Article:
However, the world is not always perfect, and there are occasions when you may find you still snore when using CPAP.
Why You Might Still Snore When Using CPAP
Any deficiency in CPAP can see your sleep apnea symptoms return, including snoring, frequent nighttime awakenings and daytime fatigue. However, one of the main reasons you may still snore when using CPAP is because of incorrect pressure settings.
You tend to find yourself snoring if the pressure settings are too low. The pressurized air delivered using CPAP must be high enough to keep the upper airways clear throughout the night. A return of your snoring is an indicator that the pressure settings need revisiting.
This is why Auto CPAP was invented. It regulates your breathing on a breath by breath basis and adjusts the pressure to eliminate or greatly reduce apneas caused by snoring. These devices also have the added benefit of maximizing your REM sleep. The pressure needs to be higher due to disordered breathing being most severe during REM sleep. With an Auto device this increase occurs automatically preventing the patient from waking up.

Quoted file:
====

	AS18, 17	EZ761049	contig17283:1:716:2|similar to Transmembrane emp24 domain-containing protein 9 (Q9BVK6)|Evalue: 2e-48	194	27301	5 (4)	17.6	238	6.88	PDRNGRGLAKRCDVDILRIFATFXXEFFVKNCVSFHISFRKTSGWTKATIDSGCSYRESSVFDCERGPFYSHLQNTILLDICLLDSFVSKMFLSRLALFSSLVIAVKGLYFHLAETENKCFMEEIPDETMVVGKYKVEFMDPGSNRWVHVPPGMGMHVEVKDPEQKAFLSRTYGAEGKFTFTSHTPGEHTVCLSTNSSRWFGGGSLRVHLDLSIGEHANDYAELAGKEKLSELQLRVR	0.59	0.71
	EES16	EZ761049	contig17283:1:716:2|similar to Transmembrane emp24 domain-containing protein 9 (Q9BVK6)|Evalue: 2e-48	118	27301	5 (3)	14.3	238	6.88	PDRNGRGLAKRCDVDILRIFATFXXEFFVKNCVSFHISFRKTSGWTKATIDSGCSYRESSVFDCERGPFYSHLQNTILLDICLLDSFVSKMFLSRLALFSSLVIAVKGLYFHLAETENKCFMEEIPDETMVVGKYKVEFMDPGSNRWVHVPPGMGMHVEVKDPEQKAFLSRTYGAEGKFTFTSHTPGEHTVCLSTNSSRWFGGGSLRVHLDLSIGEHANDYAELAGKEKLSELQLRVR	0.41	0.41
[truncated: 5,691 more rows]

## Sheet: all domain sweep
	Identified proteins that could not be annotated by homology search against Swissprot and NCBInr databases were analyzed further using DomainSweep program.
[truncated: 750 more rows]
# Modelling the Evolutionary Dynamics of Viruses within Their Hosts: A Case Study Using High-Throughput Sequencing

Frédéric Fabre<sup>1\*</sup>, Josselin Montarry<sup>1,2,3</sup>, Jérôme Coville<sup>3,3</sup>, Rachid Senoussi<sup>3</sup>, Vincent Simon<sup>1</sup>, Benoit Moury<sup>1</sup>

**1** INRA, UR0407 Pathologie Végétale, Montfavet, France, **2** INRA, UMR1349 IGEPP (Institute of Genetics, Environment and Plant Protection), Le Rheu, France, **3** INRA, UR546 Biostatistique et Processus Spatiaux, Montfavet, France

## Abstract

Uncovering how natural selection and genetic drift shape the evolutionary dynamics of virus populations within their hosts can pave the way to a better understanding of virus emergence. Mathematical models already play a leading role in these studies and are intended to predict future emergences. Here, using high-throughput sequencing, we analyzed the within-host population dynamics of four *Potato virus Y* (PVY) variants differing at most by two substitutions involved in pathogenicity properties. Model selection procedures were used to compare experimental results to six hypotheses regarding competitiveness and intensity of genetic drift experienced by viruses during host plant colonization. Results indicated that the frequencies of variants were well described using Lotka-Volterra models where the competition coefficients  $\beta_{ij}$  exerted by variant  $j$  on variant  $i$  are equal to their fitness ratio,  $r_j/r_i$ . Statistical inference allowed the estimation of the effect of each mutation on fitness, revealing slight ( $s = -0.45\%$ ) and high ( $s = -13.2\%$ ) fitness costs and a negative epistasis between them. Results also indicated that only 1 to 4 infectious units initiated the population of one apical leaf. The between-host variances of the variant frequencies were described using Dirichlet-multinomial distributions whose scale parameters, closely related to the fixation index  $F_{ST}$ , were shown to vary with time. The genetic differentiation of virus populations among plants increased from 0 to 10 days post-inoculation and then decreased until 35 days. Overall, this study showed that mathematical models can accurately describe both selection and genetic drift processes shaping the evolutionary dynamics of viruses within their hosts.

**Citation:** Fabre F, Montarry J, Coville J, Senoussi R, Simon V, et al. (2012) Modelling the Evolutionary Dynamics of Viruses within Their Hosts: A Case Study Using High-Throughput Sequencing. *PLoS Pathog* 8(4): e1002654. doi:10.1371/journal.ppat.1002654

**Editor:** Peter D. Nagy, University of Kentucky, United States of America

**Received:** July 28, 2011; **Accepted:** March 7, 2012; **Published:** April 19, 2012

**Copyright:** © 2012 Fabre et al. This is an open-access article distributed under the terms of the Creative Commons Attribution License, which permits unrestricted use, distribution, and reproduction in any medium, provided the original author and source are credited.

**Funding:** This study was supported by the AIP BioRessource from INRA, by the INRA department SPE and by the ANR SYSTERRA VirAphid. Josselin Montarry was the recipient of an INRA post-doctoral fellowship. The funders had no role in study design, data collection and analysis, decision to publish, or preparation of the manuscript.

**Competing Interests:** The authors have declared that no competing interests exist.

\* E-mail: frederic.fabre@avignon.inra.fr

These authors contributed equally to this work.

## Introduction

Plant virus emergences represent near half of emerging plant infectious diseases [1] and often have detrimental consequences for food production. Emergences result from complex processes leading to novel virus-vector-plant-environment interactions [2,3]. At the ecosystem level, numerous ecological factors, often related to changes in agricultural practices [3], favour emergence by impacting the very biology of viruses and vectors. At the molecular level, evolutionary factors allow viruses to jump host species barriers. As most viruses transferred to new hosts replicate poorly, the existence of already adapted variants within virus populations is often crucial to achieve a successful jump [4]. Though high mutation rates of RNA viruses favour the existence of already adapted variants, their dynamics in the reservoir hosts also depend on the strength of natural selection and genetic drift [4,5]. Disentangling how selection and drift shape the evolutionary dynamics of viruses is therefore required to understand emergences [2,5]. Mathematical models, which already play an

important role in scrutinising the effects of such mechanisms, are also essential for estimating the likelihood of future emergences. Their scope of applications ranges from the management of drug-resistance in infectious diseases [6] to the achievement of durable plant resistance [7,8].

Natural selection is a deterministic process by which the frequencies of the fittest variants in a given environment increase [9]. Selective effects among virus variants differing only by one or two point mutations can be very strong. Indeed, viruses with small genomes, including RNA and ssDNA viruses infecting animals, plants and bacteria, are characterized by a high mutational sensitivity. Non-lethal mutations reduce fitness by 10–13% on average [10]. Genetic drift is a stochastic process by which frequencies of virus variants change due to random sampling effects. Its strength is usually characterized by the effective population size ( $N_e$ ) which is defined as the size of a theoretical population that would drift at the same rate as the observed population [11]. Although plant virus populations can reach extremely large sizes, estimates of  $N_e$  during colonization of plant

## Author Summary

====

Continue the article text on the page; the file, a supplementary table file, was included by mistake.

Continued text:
Always consult with your sleep physician if you continue to snore or start snoring with CPAP. The treatment should eliminate or reduce your snoring.
Never try to adjust the pressure settings on your CPAP device by yourself. This should only be done by a professional, and you may require a further sleep study to ensure your device is set with the correct pressure setting to prevent the airways from blocking.
Mask leaks can be another reason why you snore even though you are using CPAP. Leaks can cause a reduction in the air pressure delivered. Therefore, the air pressure may not be sufficient to keep the airways completely clear of obstructions. A new mask, a new mask type or accessories such as nasal pillow liners could address this issue. Once again, work with your sleep physician for a suitable solution.
If you breathe through your mouth, a full-face mask covering both the nose and mouth could be the better option instead of a nasal mask or a nasal pillow mask. Without a full-face mask, breathing through the mouth could see you continue to snore, while you may also find you tend to wake up with a dry or sore throat.